Naked Science Forum

Life Sciences => Plant Sciences, Zoology & Evolution => Topic started by: MarianaM on 18/10/2019 15:54:34

Title: Why is a human a human? Why didn't we evolve into something else?
Post by: MarianaM on 18/10/2019 15:54:34
Paul is wondering...

There may be small mutations, but generally a human is born as a human. Why?
If humans evolved from apes, who going back evolved originally from microbes or bacteria, why did we stop at humans? Why did apes stop at apes, or alligators as alligators, etc?

Any thoughts?
Title: Re: Why is a human a human? Why didn't we evolve into something else?
Post by: alancalverd on 18/10/2019 17:14:40
Stopped? Homo sapiens hasn't been around very long in evolutionary terms, and has already formed several distinct subgroups. There is no absolute definition of species and whilst it is possible that modern caucasians have traces of Neanderthal ancestry, for instance, it is much less likely that any other racial group does - we have branched in evolution. The only reason we are all assigned to a single species is that we are fully interfertile and can fully coexist with each other in any of the ecosystems that each other inhabit, but there is nothing to prevent the emergence of a new species that dominates and succeeds in some corner of the ecosphere.
Title: Re: Why is a human a human? Why didn't we evolve into something else?
Post by: evan_au on 18/10/2019 22:44:08
Quote from: OP
Why did apes stop at apes?
Two of our closest living relatives are the chimpanzees and bonobos (both apes).
It is thought that the formation of Congo River, about 1.5-2 million years ago led to the formation of 2 species from a single ancestor population, since these apes cannot swim well (humans have built-in "floaties").

So geographical isolation is one prerequisite for speciation.
- But as all of human history has shown (predating Alexander the Great, Ghengis Khan, Christopher Columbus, James Cook and Amelia Earhart), humans don't let geographical obstacles get in our way.
- So today we don't have the necessary isolation to form new species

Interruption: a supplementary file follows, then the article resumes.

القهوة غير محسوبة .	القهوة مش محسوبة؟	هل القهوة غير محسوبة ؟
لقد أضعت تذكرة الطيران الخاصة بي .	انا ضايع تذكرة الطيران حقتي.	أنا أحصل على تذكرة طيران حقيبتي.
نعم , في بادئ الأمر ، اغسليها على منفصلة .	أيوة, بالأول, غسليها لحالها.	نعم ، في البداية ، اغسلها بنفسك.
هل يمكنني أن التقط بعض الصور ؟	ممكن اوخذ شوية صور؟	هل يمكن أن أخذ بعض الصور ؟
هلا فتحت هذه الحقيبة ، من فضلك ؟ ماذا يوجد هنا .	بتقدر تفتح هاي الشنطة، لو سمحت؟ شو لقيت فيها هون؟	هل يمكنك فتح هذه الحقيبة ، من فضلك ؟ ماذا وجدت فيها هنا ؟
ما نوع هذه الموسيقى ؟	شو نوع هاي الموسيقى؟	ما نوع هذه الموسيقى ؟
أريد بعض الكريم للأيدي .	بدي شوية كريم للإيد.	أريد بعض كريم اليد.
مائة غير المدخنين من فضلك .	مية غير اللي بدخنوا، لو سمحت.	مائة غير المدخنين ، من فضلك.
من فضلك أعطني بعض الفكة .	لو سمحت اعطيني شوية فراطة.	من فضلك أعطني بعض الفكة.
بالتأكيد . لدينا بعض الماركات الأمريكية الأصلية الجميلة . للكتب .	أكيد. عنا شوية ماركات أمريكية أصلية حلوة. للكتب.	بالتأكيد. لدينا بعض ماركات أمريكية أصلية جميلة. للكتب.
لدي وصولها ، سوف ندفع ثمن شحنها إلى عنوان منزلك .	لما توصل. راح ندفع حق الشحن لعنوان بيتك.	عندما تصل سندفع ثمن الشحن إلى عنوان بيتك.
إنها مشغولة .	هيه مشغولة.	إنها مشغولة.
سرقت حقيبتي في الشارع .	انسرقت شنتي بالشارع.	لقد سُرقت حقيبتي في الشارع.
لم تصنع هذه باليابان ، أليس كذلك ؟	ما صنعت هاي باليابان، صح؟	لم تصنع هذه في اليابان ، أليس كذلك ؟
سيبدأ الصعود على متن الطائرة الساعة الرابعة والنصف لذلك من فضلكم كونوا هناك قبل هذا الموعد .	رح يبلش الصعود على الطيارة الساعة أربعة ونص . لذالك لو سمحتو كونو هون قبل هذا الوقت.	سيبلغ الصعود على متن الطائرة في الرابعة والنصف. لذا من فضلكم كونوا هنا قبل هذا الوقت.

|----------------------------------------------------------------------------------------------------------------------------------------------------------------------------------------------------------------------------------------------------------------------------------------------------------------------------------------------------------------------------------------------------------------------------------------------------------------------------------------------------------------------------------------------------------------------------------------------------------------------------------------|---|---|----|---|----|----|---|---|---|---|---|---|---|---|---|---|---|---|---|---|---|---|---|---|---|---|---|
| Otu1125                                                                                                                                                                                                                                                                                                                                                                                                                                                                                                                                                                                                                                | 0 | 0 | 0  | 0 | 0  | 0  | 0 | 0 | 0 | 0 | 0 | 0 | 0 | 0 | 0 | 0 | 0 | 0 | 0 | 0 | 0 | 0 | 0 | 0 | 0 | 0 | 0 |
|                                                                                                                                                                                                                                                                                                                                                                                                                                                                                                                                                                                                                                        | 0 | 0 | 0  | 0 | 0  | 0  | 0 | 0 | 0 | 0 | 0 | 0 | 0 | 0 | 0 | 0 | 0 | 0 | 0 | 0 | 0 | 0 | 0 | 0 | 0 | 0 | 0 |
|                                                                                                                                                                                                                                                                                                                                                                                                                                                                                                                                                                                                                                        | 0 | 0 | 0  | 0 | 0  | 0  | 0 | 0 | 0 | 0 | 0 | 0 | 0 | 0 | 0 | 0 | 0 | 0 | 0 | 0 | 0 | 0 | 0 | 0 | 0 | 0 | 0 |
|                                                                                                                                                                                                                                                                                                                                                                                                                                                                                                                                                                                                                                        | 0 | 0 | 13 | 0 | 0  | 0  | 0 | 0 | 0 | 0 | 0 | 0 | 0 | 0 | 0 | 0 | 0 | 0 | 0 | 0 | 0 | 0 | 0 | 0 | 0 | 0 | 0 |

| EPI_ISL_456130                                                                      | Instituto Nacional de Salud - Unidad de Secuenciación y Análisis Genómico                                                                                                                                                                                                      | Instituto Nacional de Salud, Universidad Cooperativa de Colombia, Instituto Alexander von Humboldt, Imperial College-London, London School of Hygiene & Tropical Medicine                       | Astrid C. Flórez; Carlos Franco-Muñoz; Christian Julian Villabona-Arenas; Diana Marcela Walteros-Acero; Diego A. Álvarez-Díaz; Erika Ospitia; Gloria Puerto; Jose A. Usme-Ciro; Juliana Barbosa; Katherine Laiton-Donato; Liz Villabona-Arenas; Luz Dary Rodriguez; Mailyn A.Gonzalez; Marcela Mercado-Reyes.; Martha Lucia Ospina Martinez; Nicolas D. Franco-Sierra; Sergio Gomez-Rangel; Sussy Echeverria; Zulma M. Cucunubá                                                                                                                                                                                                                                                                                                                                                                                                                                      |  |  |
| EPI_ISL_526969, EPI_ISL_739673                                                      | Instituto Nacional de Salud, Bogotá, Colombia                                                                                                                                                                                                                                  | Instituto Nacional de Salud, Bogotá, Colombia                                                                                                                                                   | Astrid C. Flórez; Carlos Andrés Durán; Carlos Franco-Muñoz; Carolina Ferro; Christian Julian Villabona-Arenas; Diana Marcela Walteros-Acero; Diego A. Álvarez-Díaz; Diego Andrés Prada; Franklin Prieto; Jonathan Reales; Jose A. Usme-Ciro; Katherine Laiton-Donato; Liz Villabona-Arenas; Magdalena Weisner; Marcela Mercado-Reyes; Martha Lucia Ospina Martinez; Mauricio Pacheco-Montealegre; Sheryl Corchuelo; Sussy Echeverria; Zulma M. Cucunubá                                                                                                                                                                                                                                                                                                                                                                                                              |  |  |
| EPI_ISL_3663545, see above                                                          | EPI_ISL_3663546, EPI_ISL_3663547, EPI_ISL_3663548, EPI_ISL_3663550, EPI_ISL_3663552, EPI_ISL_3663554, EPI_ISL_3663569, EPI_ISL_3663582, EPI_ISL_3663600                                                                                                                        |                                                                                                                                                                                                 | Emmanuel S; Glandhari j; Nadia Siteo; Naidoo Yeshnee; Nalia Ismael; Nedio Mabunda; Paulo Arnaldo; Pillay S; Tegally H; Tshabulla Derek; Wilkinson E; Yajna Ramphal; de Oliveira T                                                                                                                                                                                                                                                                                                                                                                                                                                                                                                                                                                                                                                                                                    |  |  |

- If, however, we manage to establish a self-sustaining colony on Mars, or send off multi-generation spaceships, and then Earth suffers a civilisation collapse so that space travel is no longer possible, speciation may well occur in a couple of million years.
- Or, sooner, if astronauts are genetically engineered to be more radiation-resistant, survive long periods in zero gravity or high-G acceleration without ill-effects, and have biological interfaces to computers, this might be seen as a new species.

Another driver is a different environment.
- Darwin's observations of birds and turtles in the Galapagos Islands had slight geographical separation (a group of islands), but it also had small environmental differences due to rainfall, soil and vegetation
- This produces small biological differences between these creatures on different islands - it took a keen eye to spot them!
- Even differences in diseases can produce immunological changes in populations - and this doesn't change on the skeletal structure which appears in fossils

or alligators as alligators

Alligators in fossils look somewhat like alligators today.
- One assumes that there has always been some part of the Earth that has had the wet, swampy ground that they enjoy
- One theory for why they outlived the dinosaurs is because they can survive with a low metabolism
- But we should not assume that alligators today are the same species as during the dinosaur era - there will be dramatic DNA changes on a timescale of millions of years
- And in fact, not all alligators today are the same - many a tourist visiting Northern Australia has ignored clearly posted warnings, assumed alligators were pretty harmless, went swimming - and rapidly transformed into an alligator.